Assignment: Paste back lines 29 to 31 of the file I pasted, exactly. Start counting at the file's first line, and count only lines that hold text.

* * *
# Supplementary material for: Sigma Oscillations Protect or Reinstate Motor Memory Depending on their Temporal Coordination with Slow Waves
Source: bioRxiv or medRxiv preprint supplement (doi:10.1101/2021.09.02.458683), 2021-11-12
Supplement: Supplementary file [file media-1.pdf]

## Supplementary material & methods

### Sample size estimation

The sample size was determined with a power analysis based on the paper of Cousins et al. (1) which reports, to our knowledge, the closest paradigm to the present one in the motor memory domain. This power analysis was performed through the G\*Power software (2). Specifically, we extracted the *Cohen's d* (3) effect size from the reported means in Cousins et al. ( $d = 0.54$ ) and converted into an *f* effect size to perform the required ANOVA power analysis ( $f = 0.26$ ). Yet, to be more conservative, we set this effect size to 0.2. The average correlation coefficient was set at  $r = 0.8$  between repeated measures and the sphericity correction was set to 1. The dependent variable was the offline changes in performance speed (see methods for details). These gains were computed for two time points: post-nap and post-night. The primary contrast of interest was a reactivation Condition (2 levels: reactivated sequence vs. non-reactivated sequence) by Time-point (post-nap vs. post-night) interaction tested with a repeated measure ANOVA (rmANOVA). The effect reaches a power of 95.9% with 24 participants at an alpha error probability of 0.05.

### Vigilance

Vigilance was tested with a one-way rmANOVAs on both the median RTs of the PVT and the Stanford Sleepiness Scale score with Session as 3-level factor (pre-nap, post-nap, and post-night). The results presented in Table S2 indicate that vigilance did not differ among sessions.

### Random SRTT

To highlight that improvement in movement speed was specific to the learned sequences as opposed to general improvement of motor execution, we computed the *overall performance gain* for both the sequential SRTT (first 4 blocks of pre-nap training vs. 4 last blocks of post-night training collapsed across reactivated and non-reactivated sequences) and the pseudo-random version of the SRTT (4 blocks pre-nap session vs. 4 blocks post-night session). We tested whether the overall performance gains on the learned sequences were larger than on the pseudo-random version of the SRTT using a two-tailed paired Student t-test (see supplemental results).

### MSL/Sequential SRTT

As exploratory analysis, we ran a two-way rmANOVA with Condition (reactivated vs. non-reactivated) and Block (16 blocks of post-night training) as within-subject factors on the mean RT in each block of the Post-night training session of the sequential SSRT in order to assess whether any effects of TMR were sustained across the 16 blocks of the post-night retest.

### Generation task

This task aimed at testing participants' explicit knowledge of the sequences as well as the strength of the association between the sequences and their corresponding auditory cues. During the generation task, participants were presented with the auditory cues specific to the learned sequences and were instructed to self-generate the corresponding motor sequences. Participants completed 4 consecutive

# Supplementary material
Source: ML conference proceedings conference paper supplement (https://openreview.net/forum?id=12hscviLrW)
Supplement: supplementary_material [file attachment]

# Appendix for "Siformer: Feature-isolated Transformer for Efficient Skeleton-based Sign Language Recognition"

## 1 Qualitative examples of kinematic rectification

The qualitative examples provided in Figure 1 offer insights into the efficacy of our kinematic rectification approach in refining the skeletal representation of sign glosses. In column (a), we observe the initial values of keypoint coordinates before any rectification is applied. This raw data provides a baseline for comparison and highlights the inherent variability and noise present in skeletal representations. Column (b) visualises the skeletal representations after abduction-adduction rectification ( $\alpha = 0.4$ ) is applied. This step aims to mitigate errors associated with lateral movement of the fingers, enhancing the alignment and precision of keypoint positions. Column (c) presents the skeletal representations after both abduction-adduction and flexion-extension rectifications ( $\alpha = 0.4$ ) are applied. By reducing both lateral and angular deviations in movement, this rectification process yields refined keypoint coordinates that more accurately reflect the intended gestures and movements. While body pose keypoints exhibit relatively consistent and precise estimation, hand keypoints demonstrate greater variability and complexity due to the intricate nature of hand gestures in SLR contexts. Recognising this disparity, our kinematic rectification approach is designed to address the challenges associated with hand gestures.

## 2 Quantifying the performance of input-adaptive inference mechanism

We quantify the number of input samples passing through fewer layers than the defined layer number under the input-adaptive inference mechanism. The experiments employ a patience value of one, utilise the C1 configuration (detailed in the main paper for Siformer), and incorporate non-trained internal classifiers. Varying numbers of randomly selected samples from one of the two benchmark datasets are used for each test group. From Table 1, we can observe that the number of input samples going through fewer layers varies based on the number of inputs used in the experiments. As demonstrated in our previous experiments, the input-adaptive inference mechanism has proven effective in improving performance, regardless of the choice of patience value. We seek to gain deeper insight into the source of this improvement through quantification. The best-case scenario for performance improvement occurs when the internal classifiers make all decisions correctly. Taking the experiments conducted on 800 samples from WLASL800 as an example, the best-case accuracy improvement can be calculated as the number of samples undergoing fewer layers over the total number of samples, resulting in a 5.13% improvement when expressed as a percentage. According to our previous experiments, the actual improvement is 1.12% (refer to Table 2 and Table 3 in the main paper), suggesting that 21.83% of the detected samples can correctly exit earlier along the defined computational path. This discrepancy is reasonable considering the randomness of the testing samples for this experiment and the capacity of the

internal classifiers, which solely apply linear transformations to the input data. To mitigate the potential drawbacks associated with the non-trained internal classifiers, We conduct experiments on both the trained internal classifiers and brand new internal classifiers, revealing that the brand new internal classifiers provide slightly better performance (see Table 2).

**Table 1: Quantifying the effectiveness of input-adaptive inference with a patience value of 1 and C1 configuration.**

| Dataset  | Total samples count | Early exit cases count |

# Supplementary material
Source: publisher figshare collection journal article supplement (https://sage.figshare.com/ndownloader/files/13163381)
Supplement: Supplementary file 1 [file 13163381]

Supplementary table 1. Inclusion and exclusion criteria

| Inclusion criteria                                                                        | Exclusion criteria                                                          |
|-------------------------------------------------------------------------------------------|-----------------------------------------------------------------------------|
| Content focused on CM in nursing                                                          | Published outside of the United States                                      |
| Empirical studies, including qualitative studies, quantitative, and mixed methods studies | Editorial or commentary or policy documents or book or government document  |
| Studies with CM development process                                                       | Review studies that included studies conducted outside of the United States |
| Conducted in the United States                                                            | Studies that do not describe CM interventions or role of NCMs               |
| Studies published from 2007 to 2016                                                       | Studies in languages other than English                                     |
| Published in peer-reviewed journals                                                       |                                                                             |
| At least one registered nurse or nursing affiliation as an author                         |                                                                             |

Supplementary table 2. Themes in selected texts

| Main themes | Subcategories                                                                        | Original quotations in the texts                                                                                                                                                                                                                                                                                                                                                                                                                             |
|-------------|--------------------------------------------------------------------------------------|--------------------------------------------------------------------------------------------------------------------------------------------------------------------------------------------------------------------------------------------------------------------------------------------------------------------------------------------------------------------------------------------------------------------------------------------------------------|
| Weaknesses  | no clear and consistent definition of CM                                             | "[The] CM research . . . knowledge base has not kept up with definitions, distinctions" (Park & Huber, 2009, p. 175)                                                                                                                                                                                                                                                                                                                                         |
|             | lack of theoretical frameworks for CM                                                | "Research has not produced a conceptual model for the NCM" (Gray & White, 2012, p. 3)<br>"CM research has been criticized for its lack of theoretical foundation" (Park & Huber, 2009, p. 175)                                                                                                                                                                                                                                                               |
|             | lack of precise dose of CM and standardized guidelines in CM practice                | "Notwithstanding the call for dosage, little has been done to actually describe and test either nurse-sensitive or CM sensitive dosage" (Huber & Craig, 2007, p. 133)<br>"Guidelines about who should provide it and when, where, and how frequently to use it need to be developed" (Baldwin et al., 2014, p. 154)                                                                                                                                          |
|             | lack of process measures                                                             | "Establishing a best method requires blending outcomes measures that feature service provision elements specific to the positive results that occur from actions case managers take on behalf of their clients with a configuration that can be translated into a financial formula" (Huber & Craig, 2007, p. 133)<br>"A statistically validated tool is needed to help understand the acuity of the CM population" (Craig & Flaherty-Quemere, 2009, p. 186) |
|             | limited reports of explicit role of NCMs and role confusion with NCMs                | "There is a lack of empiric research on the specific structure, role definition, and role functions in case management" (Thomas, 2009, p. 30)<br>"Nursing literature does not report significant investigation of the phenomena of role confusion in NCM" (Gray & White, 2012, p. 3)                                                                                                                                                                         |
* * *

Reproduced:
Supplementary table 1. Inclusion and exclusion criteria

| Inclusion criteria                                                                        | Exclusion criteria                                                          |
|-------------------------------------------------------------------------------------------|-----------------------------------------------------------------------------|